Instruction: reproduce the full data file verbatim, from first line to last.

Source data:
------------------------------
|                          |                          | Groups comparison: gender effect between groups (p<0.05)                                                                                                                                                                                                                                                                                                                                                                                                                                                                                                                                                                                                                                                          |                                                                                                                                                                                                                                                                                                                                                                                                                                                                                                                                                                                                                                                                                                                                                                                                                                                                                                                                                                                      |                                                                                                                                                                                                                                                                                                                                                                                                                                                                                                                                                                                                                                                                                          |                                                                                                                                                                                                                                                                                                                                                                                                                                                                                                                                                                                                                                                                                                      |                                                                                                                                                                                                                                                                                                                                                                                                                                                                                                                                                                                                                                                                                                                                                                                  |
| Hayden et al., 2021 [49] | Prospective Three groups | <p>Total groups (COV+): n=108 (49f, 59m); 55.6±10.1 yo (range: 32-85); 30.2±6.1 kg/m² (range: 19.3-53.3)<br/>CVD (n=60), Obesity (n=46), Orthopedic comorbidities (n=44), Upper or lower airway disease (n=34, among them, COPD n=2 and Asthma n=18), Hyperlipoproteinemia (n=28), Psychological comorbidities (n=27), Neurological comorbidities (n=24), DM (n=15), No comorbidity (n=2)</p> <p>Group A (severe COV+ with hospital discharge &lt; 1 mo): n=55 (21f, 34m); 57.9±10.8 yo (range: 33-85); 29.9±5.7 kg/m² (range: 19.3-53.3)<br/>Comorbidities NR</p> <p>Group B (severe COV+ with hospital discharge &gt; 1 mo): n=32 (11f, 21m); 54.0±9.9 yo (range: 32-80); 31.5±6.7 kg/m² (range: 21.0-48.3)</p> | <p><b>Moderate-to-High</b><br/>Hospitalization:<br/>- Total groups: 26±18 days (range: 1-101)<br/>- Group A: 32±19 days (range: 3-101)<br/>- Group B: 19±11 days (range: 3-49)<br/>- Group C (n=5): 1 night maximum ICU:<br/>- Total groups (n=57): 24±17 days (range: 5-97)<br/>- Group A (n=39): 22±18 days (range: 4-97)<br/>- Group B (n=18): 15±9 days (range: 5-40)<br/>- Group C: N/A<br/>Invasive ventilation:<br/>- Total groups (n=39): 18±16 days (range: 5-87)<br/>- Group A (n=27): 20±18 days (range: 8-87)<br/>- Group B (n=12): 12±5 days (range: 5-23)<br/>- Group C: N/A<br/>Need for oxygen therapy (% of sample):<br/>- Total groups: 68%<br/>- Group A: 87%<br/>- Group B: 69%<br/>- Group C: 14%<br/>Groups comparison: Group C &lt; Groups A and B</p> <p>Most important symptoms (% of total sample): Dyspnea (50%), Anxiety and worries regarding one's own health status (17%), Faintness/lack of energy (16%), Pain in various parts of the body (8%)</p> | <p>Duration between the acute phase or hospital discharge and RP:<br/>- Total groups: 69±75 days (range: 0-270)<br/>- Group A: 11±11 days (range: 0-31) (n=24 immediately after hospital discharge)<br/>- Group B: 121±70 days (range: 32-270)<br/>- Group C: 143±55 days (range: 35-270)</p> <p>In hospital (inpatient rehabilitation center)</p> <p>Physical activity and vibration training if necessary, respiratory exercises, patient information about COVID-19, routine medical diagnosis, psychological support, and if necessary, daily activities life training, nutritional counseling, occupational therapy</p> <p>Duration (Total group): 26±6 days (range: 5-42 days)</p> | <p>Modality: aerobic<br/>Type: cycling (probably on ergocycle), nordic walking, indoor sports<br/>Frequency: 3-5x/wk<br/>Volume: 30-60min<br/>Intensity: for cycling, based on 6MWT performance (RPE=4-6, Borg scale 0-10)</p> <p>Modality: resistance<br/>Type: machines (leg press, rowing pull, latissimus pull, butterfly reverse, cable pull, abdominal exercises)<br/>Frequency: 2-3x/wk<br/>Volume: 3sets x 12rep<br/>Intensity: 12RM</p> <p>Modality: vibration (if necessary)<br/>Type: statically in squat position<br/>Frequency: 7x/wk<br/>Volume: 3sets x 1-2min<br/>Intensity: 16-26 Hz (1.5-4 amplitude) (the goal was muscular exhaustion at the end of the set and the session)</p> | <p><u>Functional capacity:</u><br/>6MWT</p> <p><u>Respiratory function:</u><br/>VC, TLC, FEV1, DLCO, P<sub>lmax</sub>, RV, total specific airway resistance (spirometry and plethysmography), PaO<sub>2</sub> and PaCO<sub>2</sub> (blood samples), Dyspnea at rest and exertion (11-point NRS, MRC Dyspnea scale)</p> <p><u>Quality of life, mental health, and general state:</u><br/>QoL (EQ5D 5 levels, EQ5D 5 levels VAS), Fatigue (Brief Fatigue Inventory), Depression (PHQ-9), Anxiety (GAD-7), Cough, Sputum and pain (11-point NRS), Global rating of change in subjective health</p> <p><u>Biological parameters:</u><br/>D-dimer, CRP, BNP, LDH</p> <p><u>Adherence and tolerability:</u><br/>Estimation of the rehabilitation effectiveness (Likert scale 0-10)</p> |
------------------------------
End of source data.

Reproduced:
|                          |                          | Groups comparison: gender effect between groups (p<0.05)                                                                                                                                                                                                                                                                                                                                                                                                                                                                                                                                                                                                                                                          |                                                                                                                                                                                                                                                                                                                                                                                                                                                                                                                                                                                                                                                                                                                                                                                                                                                                                                                                                                                      |                                                                                                                                                                                                                                                                                                                                                                                                                                                                                                                                                                                                                                                                                          |                                                                                                                                                                                                                                                                                                                                                                                                                                                                                                                                                                                                                                                                                                      |                                                                                                                                                                                                                                                                                                                                                                                                                                                                                                                                                                                                                                                                                                                                                                                  |
| Hayden et al., 2021 [49] | Prospective Three groups | <p>Total groups (COV+): n=108 (49f, 59m); 55.6±10.1 yo (range: 32-85); 30.2±6.1 kg/m² (range: 19.3-53.3)<br/>CVD (n=60), Obesity (n=46), Orthopedic comorbidities (n=44), Upper or lower airway disease (n=34, among them, COPD n=2 and Asthma n=18), Hyperlipoproteinemia (n=28), Psychological comorbidities (n=27), Neurological comorbidities (n=24), DM (n=15), No comorbidity (n=2)</p> <p>Group A (severe COV+ with hospital discharge &lt; 1 mo): n=55 (21f, 34m); 57.9±10.8 yo (range: 33-85); 29.9±5.7 kg/m² (range: 19.3-53.3)<br/>Comorbidities NR</p> <p>Group B (severe COV+ with hospital discharge &gt; 1 mo): n=32 (11f, 21m); 54.0±9.9 yo (range: 32-80); 31.5±6.7 kg/m² (range: 21.0-48.3)</p> | <p><b>Moderate-to-High</b><br/>Hospitalization:<br/>- Total groups: 26±18 days (range: 1-101)<br/>- Group A: 32±19 days (range: 3-101)<br/>- Group B: 19±11 days (range: 3-49)<br/>- Group C (n=5): 1 night maximum ICU:<br/>- Total groups (n=57): 24±17 days (range: 5-97)<br/>- Group A (n=39): 22±18 days (range: 4-97)<br/>- Group B (n=18): 15±9 days (range: 5-40)<br/>- Group C: N/A<br/>Invasive ventilation:<br/>- Total groups (n=39): 18±16 days (range: 5-87)<br/>- Group A (n=27): 20±18 days (range: 8-87)<br/>- Group B (n=12): 12±5 days (range: 5-23)<br/>- Group C: N/A<br/>Need for oxygen therapy (% of sample):<br/>- Total groups: 68%<br/>- Group A: 87%<br/>- Group B: 69%<br/>- Group C: 14%<br/>Groups comparison: Group C &lt; Groups A and B</p> <p>Most important symptoms (% of total sample): Dyspnea (50%), Anxiety and worries regarding one's own health status (17%), Faintness/lack of energy (16%), Pain in various parts of the body (8%)</p> | <p>Duration between the acute phase or hospital discharge and RP:<br/>- Total groups: 69±75 days (range: 0-270)<br/>- Group A: 11±11 days (range: 0-31) (n=24 immediately after hospital discharge)<br/>- Group B: 121±70 days (range: 32-270)<br/>- Group C: 143±55 days (range: 35-270)</p> <p>In hospital (inpatient rehabilitation center)</p> <p>Physical activity and vibration training if necessary, respiratory exercises, patient information about COVID-19, routine medical diagnosis, psychological support, and if necessary, daily activities life training, nutritional counseling, occupational therapy</p> <p>Duration (Total group): 26±6 days (range: 5-42 days)</p> | <p>Modality: aerobic<br/>Type: cycling (probably on ergocycle), nordic walking, indoor sports<br/>Frequency: 3-5x/wk<br/>Volume: 30-60min<br/>Intensity: for cycling, based on 6MWT performance (RPE=4-6, Borg scale 0-10)</p> <p>Modality: resistance<br/>Type: machines (leg press, rowing pull, latissimus pull, butterfly reverse, cable pull, abdominal exercises)<br/>Frequency: 2-3x/wk<br/>Volume: 3sets x 12rep<br/>Intensity: 12RM</p> <p>Modality: vibration (if necessary)<br/>Type: statically in squat position<br/>Frequency: 7x/wk<br/>Volume: 3sets x 1-2min<br/>Intensity: 16-26 Hz (1.5-4 amplitude) (the goal was muscular exhaustion at the end of the set and the session)</p> | <p><u>Functional capacity:</u><br/>6MWT</p> <p><u>Respiratory function:</u><br/>VC, TLC, FEV1, DLCO, P<sub>lmax</sub>, RV, total specific airway resistance (spirometry and plethysmography), PaO<sub>2</sub> and PaCO<sub>2</sub> (blood samples), Dyspnea at rest and exertion (11-point NRS, MRC Dyspnea scale)</p> <p><u>Quality of life, mental health, and general state:</u><br/>QoL (EQ5D 5 levels, EQ5D 5 levels VAS), Fatigue (Brief Fatigue Inventory), Depression (PHQ-9), Anxiety (GAD-7), Cough, Sputum and pain (11-point NRS), Global rating of change in subjective health</p> <p><u>Biological parameters:</u><br/>D-dimer, CRP, BNP, LDH</p> <p><u>Adherence and tolerability:</u><br/>Estimation of the rehabilitation effectiveness (Likert scale 0-10)</p> |